The Church: The Scandals’ Unmentioned Victim
TFP Analysis of the May 3, 2003 Agreement between Bishop Thomas J. O’Brien (and the Phoenix Diocese) and Maricopa County Attorney Rick Romley
The sexual abuse scandals, reported with an unnecessary abundance of lewd details, continue to fuel the media blitz against the Church and the subversive agenda of dissident pressure groups.
Taking advantage of the legitimate indignation provoked by the numerous cases of child sexual abuse, old dissident groups have emerged from the shadows and new ones have formed. Their ensuing agitation does not particularly help the quest for a balanced solution that would favor the psychological, spiritual and social recovery of the victims and prevent the crimes from being repeated. Instead, such groups toil feverishly to shake the very foundations of the Church as an institution.
The Seal of Confession Comes Under Attack in Many States
One of the many sad fruits of this subversive work is the rash of bills introduced in many state legislatures trying to abolish the Seal of Confession in cases of child sexual abuse.1 These bills threaten in one way or another that sacred trust formed between a repentant sinner and Holy Mother Church, in the person of the priest. While Cardinals Keeler and McCarrick, and priests in various states rallied to defend the Seal,2 dissident pressure groups stridently demanded its abolition and cheered the lawmakers’ efforts.3
The storm unleashed upon the Church also gave rise to the convening of more than a dozen grand juries and in-depth investigations by state attorney generals and district attorneys. In New Hampshire and Arizona, these investigations led to the signing of agreements between the dioceses of Manchester and Phoenix and their respective State governments.
Our March-April issue of Crusade Magazine, sent to all 48,000 priests in the country in addition to its 85,000 regular readers, dealt extensively with the attacks being made on the Seal of Confession. This analysis focuses, therefore, on the threat to Church doctrine and fundamental freedoms posed by the agreement between Bishop Thomas J. O’Brien and Maricopa County Attorney Rick Romley (the “Agreement”), the more unacceptable of the two signed agreements.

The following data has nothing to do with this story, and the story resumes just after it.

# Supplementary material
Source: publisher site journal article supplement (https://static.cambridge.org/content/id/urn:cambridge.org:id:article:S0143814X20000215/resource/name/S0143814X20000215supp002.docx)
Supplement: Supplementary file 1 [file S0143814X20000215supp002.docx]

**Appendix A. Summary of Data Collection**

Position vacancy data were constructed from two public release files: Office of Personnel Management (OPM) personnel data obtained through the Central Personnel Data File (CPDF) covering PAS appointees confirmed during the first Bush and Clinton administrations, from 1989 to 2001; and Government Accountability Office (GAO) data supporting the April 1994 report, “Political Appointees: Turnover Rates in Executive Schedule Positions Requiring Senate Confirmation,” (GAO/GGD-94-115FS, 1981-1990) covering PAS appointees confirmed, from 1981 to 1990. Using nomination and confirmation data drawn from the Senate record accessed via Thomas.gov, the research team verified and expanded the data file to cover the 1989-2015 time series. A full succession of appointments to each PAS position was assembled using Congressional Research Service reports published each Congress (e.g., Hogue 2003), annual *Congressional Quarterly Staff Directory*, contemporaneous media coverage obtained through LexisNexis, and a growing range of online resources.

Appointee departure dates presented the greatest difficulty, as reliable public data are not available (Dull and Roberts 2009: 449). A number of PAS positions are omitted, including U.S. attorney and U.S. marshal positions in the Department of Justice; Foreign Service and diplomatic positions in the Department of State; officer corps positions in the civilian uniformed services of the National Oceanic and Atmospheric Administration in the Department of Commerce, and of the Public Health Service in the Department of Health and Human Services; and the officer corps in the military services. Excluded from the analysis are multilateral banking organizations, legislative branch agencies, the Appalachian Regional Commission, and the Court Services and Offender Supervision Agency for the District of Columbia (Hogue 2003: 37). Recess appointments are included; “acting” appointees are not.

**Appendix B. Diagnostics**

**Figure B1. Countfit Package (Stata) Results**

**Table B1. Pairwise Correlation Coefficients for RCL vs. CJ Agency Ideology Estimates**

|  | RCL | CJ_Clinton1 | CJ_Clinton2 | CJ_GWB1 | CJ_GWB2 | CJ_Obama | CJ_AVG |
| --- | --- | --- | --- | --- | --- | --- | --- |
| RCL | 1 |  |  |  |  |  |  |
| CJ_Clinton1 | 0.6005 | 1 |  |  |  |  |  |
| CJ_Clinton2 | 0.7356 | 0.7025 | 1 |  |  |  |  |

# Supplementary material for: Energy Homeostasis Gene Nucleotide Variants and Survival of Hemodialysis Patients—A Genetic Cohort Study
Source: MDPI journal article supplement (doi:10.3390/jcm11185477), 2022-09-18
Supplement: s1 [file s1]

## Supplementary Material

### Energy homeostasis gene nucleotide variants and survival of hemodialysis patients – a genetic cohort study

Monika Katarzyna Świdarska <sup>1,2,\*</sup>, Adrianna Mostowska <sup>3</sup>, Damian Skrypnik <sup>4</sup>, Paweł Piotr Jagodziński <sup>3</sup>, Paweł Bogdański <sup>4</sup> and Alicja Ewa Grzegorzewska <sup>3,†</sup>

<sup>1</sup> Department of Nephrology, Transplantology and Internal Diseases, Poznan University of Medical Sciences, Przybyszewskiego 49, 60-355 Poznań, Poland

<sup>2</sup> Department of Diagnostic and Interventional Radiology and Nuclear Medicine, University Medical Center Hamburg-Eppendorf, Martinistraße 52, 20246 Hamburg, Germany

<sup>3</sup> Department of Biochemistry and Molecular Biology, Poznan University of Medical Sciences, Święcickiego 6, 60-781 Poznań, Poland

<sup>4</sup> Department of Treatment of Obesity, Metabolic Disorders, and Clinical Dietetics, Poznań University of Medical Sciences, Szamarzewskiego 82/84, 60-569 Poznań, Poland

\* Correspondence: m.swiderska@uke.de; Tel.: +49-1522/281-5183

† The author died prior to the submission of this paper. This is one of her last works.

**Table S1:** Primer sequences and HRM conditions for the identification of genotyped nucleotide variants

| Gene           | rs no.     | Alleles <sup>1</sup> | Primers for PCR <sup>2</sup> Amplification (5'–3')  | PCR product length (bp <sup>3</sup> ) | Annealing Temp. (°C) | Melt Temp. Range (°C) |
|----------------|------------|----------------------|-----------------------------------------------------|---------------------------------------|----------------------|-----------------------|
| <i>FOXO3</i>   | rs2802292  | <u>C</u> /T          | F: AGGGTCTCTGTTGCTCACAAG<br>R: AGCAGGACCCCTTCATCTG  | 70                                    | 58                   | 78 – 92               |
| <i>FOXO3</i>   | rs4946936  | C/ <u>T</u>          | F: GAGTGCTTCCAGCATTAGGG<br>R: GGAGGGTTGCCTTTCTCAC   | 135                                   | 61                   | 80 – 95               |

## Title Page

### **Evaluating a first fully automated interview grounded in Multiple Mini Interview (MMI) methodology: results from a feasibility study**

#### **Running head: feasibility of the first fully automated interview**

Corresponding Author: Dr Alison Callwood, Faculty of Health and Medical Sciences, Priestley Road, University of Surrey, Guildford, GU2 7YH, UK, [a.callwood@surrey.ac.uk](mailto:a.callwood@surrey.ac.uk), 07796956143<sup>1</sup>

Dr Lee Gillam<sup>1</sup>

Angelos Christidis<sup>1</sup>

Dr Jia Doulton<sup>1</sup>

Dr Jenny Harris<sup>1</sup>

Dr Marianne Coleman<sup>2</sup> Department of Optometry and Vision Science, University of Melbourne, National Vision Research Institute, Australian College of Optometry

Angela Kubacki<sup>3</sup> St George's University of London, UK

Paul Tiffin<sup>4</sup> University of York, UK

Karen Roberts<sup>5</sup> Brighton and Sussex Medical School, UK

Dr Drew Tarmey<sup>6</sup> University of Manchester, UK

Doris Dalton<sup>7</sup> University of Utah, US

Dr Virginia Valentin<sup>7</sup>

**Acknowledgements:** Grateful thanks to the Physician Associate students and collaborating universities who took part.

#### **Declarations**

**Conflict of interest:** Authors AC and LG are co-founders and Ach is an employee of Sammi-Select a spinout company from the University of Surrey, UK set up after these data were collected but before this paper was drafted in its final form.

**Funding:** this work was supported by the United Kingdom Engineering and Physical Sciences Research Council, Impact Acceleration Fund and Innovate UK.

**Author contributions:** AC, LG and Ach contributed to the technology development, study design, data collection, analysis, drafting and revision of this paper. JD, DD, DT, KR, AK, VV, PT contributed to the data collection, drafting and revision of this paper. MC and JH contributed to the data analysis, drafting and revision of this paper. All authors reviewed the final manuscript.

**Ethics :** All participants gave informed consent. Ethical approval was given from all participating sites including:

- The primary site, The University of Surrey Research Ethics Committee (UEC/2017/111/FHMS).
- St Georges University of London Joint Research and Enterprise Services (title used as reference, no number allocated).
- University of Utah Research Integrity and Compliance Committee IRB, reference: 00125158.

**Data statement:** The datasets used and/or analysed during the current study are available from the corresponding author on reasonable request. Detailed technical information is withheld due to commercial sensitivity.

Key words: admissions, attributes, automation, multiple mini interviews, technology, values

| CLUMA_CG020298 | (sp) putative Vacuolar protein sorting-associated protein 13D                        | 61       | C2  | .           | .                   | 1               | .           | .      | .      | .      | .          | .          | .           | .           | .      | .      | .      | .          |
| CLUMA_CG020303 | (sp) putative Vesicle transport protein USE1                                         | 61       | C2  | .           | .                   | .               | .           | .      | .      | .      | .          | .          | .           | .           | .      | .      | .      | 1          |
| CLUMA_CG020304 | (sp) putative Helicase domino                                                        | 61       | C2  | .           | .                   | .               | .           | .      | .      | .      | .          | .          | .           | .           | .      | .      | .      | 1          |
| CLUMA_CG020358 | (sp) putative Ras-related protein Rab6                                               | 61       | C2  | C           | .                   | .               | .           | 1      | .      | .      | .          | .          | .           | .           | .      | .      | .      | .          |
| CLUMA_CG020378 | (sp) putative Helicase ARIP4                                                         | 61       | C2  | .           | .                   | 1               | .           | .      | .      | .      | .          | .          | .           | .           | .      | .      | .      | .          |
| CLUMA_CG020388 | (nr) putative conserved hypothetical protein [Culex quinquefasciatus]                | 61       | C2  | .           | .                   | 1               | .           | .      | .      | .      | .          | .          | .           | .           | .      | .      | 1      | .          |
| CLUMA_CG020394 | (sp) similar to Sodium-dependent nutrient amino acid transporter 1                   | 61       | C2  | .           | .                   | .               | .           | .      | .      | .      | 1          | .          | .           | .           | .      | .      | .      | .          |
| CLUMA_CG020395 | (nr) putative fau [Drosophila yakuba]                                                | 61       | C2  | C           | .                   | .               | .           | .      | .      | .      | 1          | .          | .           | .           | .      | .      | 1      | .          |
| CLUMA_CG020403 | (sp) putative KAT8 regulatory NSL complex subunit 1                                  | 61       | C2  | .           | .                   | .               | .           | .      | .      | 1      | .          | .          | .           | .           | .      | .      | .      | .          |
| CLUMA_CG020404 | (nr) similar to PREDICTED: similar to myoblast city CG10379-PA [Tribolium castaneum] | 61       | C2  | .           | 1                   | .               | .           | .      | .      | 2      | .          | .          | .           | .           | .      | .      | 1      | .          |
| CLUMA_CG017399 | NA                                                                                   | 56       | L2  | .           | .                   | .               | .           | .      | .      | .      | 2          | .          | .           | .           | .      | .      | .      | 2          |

The Agreement Binds the Diocese, Not Just the Bishop, Forever
The Phoenix Agreement was signed on May 3, 2003. Mr. Romley announced it publicly on June 2.
The Agreement is open-ended. It has no stated expiration date. There is no clause indicating it will terminate upon the replacement of Bishop O’Brien, or any other achievable goal. Within the logic of this unending state supervision, the Agreement binds not just the bishop in whose 22-year tenure most of the crimes under investigation occurred, but the Diocese itself. As Mr. Romley sees it: “I’ve got the hammer over his head forever. He signed on behalf of the church.”4
Thus, the Diocese of Phoenix, not just Bishop O’Brien, is improperly left in a state of perpetual uncertainty.
The State of Arizona Pressures the Church
In signing the Agreement, Bishop O’Brien acknowledges his past lapses:5
“I acknowledge that I allowed Roman Catholic priests under my supervision to work with minors after becoming aware of allegations of sexual misconduct. I further acknowledge that priests who had allegations of sexual misconduct made against them were transferred to ministries without full disclosure to their superiors or to the community in which they were assigned. I apologize and express regret for any misconduct, hardship or harm caused to the victims of sexual misconduct by Roman Catholic priests assigned to the Diocese.”6
In exchange for this acknowledgment and certain obligations, Bishop O’Brien avoids criminal prosecution for himself and the diocese of Phoenix:
“This Agreement is executed upon the conclusion that the public interest would be best served by settling the matter without criminal prosecution of Thomas J. O’Brien or the Diocese. ….
“The State of Arizona agrees not to initiate criminal charges against Thomas J. O’Brien or the Diocese arising out of information relating to the subject matter of this investigation for acts occurring on or before the date of the execution of this Agreement.”7